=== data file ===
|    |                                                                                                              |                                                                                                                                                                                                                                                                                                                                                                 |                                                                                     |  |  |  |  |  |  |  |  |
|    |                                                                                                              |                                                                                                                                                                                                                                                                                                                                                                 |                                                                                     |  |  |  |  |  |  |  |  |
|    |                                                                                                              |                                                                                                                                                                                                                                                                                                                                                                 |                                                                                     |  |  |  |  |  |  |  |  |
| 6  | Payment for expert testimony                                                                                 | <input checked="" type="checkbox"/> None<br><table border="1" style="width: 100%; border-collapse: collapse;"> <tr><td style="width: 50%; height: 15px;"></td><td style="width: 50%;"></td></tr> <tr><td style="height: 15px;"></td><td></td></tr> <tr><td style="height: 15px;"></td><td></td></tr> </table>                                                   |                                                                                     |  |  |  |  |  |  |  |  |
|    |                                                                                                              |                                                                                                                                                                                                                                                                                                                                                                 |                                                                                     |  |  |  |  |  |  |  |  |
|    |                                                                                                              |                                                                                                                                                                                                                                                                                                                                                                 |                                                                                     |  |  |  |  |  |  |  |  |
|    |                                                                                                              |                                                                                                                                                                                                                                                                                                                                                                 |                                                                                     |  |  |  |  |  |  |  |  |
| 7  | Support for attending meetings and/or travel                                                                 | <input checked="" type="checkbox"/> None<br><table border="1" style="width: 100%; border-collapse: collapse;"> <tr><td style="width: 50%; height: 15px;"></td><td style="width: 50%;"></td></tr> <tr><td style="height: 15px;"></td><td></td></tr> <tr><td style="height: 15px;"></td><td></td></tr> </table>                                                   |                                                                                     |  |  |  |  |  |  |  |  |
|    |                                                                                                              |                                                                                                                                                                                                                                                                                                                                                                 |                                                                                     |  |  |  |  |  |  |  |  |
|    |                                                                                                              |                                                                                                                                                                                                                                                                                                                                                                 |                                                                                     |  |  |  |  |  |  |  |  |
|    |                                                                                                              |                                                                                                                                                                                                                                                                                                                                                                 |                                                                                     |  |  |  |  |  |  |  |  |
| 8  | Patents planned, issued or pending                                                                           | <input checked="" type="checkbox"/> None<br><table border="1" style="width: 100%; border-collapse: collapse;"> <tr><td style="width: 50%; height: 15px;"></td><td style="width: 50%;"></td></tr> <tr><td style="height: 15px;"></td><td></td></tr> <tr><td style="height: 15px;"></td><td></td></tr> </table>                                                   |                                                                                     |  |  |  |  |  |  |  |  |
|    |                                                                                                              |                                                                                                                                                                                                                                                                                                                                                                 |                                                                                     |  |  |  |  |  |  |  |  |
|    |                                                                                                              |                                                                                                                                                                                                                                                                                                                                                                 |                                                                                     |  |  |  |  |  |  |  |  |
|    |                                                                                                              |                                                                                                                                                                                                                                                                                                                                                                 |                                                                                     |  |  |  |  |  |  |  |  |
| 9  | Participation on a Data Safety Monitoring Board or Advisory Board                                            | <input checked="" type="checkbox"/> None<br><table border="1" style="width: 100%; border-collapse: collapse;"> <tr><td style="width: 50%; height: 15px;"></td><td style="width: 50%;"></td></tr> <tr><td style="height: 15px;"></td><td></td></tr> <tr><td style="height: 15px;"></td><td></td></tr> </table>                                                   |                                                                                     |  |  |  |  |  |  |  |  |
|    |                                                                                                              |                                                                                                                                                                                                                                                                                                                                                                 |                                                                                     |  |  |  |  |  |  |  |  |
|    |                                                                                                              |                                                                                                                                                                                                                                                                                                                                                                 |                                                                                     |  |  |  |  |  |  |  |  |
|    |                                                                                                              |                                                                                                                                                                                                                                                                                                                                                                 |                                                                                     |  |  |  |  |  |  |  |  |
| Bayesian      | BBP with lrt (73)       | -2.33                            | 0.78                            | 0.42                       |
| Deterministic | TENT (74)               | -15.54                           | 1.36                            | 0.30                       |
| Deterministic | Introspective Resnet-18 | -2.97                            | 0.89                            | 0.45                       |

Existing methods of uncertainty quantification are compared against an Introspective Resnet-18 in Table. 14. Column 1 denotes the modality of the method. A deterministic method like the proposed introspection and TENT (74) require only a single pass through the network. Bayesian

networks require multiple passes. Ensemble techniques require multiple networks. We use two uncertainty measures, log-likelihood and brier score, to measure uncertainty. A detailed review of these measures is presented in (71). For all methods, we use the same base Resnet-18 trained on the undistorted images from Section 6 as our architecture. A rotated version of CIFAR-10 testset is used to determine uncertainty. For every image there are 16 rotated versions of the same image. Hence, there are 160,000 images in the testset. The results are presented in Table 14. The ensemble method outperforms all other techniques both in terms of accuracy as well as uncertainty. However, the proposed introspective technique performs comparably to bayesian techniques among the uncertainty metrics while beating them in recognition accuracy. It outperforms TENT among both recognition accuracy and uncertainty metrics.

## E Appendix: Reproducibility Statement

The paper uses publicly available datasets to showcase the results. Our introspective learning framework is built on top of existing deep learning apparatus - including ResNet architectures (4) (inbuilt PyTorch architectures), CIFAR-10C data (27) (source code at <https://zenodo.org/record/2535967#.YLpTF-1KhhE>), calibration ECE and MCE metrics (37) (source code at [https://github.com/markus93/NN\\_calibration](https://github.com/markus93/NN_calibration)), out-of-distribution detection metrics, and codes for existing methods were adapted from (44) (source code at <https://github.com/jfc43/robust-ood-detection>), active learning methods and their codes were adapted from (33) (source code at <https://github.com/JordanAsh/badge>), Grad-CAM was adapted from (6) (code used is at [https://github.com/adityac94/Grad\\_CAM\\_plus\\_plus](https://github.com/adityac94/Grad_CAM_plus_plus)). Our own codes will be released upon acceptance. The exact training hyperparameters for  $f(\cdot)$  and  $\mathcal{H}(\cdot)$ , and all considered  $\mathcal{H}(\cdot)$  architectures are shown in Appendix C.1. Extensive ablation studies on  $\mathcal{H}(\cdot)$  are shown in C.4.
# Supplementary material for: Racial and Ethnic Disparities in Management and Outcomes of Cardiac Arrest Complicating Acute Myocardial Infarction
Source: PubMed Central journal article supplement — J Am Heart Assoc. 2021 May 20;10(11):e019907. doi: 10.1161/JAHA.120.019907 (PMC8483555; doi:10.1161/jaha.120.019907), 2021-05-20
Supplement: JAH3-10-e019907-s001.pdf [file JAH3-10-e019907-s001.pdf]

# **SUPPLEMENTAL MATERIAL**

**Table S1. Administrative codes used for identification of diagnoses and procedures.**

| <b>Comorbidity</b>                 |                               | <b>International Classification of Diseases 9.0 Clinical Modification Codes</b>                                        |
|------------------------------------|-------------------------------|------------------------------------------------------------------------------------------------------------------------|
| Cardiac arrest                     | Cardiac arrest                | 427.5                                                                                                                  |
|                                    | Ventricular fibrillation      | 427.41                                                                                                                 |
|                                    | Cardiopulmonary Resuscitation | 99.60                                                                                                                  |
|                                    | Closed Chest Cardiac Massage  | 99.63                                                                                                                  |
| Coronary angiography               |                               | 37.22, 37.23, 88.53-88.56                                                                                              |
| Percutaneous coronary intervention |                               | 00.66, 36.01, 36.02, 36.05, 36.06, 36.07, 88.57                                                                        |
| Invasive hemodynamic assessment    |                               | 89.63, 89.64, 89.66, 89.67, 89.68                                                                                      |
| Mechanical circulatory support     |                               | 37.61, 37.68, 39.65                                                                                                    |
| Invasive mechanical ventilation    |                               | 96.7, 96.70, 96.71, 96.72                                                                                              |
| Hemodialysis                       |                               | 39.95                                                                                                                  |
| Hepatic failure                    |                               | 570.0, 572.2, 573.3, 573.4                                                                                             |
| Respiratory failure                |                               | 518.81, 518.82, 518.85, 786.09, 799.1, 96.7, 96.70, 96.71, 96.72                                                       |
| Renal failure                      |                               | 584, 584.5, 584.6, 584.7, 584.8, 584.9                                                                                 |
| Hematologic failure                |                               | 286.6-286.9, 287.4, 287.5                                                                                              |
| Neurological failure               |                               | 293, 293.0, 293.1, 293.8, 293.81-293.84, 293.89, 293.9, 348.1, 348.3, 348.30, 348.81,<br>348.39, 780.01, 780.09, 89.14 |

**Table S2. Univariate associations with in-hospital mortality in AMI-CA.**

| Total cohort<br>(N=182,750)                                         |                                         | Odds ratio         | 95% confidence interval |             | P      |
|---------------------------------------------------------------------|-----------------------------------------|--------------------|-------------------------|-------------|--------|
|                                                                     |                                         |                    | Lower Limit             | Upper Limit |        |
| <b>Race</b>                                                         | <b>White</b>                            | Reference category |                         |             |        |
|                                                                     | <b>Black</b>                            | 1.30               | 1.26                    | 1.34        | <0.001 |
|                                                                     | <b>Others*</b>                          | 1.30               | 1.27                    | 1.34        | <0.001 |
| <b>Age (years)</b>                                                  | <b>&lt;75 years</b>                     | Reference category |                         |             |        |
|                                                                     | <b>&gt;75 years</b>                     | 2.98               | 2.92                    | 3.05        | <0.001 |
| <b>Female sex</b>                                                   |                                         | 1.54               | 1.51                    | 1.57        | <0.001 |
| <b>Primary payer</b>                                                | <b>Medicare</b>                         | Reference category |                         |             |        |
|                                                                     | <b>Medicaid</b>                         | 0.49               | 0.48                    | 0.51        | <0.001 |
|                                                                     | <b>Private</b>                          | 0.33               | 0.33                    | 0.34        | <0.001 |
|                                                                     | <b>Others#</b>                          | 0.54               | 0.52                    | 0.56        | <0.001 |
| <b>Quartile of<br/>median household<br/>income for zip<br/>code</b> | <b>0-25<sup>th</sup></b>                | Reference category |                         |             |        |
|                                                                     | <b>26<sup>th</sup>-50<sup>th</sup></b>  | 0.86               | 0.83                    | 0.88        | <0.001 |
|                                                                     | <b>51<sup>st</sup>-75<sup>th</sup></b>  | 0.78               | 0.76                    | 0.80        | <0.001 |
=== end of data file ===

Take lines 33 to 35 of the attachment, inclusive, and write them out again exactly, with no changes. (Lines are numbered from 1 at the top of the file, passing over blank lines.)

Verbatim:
|------------------------------------|-------------------------------|------------------------------------------------------------------------------------------------------------------------|
| Cardiac arrest                     | Cardiac arrest                | 427.5                                                                                                                  |
|                                    | Ventricular fibrillation      | 427.41                                                                                                                 |